There's not a whole lot to say about characterization. While we learn a bit more about Sanya (a Knight of the Cross) and the Archive, and while something we've learned about John Marcone in the past is reinforced (he's the major crime lord in the Chicago area), we don't get to know the characters a whole lot better. I'm not too upset about that, though. Harry's character develops more than I would have expected in some of the other recent books, and the first-person POV limits how well we can get to know secondary characters. Harry is, once again, under suspicion during part of this book, but that's not so unusual for him. Because you're reading along in Harry's POV, you don't really notice that anything is out of the ordinary until someone else calls him on it. And then you find yourself thinking back and realizing yeah, the accusations make sense. It's cleverly done.
It sounds like a lot is going on, but everything works pretty well together, all things considered. Part of the problem is trying to condense all of these events and concepts into a paragraph or two. Spaced out over a whole book, trust me, it works.
The setting is, once again, the Chicago area (including some important events on an island in one of the Great Lakes). For the first time, an explanation is offered as to WHY so many supernatural things seem to be happening in Chicago. I hope this is developed further in future books. This time, it's winter, and a particularly nasty one at that. It seems to be snowing nearly all the time and there are questions as to whether Winter Court Fae are using the snow to further their purposes. It seems to me most of the characters would have a bit more trouble getting around in this kind of weather (Thomas -- Harry's half-brother -- drives a Humvee and Michael -- another Knight of the Cross -- has a truck, but those are about the only practical vehicles I remember), but I guess the people of Chicago are used to nasty winters!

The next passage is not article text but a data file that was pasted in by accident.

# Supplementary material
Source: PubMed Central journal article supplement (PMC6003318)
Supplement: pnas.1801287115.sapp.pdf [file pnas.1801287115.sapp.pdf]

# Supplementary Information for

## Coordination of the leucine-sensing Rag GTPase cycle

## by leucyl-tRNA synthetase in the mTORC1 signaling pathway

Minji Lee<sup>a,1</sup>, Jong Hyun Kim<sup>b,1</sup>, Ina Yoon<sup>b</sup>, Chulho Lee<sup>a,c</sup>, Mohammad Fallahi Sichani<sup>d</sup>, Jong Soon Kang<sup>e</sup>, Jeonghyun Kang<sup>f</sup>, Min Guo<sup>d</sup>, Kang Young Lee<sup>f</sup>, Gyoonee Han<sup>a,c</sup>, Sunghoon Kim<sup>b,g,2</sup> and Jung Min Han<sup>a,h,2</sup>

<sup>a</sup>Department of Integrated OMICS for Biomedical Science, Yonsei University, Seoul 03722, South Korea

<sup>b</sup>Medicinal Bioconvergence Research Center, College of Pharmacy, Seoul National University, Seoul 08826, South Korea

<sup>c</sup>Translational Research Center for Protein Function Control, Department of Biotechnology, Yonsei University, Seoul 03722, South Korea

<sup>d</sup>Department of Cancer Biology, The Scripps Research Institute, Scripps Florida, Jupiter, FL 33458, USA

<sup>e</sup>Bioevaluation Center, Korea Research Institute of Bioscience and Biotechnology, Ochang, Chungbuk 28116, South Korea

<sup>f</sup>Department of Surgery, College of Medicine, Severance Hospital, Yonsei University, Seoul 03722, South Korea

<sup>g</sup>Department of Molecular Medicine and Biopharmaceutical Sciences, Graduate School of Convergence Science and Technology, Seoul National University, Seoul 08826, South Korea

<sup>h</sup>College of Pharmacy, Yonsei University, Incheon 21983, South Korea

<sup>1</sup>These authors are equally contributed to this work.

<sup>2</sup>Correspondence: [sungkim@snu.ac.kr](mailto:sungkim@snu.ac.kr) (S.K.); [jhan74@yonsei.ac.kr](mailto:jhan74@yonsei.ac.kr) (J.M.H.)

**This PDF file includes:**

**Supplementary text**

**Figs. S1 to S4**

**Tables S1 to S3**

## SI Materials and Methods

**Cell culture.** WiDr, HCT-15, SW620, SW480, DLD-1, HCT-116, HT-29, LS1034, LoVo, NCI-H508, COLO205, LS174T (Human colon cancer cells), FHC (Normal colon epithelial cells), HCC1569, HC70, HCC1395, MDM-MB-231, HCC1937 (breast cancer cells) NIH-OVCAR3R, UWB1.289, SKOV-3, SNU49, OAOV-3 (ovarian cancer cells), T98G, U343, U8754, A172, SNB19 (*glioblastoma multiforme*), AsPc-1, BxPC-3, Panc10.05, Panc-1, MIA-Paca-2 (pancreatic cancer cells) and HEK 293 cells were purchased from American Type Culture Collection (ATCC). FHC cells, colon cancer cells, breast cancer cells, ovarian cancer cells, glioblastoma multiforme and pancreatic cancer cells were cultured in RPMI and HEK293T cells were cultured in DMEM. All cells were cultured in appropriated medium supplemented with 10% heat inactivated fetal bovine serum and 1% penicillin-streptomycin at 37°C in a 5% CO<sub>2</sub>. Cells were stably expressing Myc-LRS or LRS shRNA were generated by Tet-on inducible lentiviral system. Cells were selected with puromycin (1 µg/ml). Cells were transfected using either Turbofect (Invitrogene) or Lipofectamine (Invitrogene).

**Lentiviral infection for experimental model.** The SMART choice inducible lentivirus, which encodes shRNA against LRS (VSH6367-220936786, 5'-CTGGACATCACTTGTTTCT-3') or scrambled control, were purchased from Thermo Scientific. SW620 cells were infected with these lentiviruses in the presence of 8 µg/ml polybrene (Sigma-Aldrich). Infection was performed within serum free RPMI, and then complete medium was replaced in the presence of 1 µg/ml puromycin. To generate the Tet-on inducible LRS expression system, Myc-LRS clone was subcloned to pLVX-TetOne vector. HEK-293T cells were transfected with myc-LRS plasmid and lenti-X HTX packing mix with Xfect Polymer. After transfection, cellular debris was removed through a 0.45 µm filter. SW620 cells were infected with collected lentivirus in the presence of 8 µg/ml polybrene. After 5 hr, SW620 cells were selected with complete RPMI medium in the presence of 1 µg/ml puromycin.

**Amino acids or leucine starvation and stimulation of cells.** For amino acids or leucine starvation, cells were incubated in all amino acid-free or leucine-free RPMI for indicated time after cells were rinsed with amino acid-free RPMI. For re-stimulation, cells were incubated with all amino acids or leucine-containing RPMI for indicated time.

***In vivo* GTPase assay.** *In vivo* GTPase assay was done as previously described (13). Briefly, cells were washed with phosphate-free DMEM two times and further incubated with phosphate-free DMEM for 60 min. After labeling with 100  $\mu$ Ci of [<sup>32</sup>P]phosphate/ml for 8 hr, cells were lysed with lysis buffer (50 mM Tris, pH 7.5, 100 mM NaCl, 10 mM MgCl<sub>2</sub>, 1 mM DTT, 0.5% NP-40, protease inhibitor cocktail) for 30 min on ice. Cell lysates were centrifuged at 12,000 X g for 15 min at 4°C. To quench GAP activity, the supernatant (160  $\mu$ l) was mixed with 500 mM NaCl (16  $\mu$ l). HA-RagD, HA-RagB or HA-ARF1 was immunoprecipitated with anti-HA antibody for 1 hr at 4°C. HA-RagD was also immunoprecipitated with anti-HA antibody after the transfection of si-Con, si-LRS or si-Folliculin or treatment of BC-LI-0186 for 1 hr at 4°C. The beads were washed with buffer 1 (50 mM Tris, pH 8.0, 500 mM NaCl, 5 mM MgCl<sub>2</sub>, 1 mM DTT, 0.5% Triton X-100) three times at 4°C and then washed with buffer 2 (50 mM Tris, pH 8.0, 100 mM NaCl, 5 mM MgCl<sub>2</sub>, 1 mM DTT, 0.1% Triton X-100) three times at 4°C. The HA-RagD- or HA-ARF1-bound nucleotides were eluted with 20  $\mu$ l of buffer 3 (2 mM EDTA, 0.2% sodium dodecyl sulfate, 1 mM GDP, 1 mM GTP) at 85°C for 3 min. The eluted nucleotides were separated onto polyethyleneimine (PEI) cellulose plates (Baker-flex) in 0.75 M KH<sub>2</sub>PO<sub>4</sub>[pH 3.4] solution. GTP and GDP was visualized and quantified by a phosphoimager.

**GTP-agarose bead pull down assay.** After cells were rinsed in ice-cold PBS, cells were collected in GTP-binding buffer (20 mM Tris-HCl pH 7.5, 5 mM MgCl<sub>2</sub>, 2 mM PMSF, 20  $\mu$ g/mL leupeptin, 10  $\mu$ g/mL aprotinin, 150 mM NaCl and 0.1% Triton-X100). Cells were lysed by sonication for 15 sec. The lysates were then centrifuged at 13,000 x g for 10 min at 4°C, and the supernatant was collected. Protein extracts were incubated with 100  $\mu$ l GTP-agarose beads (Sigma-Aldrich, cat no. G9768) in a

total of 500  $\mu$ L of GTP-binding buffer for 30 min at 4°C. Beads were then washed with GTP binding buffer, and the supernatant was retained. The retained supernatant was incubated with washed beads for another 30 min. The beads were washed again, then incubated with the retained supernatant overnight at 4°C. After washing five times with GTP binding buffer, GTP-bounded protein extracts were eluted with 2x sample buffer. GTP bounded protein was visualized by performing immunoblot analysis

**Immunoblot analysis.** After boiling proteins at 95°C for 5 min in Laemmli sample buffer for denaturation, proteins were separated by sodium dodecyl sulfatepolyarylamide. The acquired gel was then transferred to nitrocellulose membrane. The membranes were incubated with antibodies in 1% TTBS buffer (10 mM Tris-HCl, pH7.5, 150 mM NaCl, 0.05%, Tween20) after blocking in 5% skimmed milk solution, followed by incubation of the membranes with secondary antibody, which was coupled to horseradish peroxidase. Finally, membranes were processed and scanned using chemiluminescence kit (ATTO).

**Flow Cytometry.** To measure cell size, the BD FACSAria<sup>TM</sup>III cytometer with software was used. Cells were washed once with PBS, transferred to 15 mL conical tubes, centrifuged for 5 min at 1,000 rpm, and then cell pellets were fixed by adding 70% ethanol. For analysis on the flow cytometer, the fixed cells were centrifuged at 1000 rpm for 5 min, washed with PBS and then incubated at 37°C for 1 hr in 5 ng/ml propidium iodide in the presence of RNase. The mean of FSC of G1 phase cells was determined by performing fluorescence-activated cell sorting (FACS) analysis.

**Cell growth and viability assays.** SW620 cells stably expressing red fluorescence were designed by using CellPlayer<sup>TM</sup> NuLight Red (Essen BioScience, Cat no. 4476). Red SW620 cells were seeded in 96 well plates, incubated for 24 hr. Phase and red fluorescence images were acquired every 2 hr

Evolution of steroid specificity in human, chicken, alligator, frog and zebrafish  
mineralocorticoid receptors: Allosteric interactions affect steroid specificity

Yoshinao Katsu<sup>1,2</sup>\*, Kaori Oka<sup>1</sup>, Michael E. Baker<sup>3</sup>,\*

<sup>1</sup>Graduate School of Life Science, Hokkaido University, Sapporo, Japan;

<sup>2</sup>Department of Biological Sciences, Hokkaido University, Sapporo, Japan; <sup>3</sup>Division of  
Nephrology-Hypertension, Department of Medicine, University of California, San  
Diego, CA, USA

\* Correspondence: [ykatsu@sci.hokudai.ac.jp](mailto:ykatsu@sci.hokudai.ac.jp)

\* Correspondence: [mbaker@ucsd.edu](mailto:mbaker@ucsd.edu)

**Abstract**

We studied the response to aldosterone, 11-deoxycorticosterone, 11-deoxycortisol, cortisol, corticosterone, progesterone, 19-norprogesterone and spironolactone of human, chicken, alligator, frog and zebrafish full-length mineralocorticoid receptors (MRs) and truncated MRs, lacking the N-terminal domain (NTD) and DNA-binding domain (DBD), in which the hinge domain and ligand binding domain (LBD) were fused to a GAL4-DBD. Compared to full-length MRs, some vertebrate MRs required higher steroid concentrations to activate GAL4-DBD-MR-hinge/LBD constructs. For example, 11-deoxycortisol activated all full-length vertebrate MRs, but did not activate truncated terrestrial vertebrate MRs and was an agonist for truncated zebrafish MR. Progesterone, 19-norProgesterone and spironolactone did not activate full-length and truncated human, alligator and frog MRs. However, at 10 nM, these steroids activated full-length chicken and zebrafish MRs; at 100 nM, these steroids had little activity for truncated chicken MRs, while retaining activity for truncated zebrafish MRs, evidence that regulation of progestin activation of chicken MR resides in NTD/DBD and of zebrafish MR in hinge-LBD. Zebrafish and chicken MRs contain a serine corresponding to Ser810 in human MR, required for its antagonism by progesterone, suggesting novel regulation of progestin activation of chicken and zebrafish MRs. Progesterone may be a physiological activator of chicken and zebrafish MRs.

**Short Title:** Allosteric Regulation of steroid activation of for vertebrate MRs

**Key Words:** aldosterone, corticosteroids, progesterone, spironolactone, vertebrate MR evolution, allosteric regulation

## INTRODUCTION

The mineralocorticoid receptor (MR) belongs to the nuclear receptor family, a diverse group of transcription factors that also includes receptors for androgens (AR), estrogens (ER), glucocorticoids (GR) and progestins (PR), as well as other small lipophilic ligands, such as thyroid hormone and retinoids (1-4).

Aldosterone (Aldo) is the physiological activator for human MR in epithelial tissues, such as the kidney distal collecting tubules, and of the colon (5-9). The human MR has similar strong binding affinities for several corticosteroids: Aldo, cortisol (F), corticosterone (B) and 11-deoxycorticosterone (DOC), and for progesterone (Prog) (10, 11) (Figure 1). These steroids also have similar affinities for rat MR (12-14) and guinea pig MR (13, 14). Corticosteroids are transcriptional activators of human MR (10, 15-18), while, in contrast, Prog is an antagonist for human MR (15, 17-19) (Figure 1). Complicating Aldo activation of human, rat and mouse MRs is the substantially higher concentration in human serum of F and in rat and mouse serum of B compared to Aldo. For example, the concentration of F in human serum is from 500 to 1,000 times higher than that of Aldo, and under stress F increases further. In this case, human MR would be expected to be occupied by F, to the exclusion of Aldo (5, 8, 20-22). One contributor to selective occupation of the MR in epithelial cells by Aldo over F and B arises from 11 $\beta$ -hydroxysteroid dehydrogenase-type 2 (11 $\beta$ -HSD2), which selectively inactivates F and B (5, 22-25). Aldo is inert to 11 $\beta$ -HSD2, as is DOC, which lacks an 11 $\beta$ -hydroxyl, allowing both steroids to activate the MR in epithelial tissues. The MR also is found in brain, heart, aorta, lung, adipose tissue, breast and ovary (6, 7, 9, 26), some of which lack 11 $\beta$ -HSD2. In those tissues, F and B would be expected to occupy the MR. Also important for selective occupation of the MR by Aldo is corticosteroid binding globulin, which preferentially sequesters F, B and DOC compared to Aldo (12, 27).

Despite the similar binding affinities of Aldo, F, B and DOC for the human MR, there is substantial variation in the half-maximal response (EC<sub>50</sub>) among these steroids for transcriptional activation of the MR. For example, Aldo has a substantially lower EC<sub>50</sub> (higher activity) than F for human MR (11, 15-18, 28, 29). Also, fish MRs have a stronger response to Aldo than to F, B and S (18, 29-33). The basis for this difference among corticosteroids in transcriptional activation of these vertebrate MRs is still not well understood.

I don't think I've mentioned this in any of my previous reviews of this series, but there are a fair number of pop culture references in this series, overall. Some are pretty blatant (some references to Tolkien's "The Two Towers") and others are subtler (a character named Thomas uttering the phrase "Leper outcast unclean" -- there's a certain, completely unrelated book you'd have to have read to get that one). I haven't paid a lot of attention to this aspect of things before but as I read the next few books in the series, I'll be on the lookout. One thing you can say about Jim Butcher is that he knows his genre very well, and he clearly enjoys it, and I like reading books by authors like that.
The writing style is similar to before. While there are some humorous moments in this book (I like what Harry did with a catnip toy, in particular), it has a serious tone and a somber ending. Once again, be prepared for adult themes (nothing graphic, though), four-letter words, and plenty of violence, both conventional and magical. There are at least three major confrontations in the second half of the book, with little time for rest between one and the next. This is pretty typical for a Dresden book -- the tension is great and you want to keep reading.
Bottom line: if you haven't read any of the earlier books, go back and start with Storm Front. If you're already a fan of these books, this one is more in the same vein and you'll probably like it, as well. I'm sure I'll break down and buy #11 in a few days.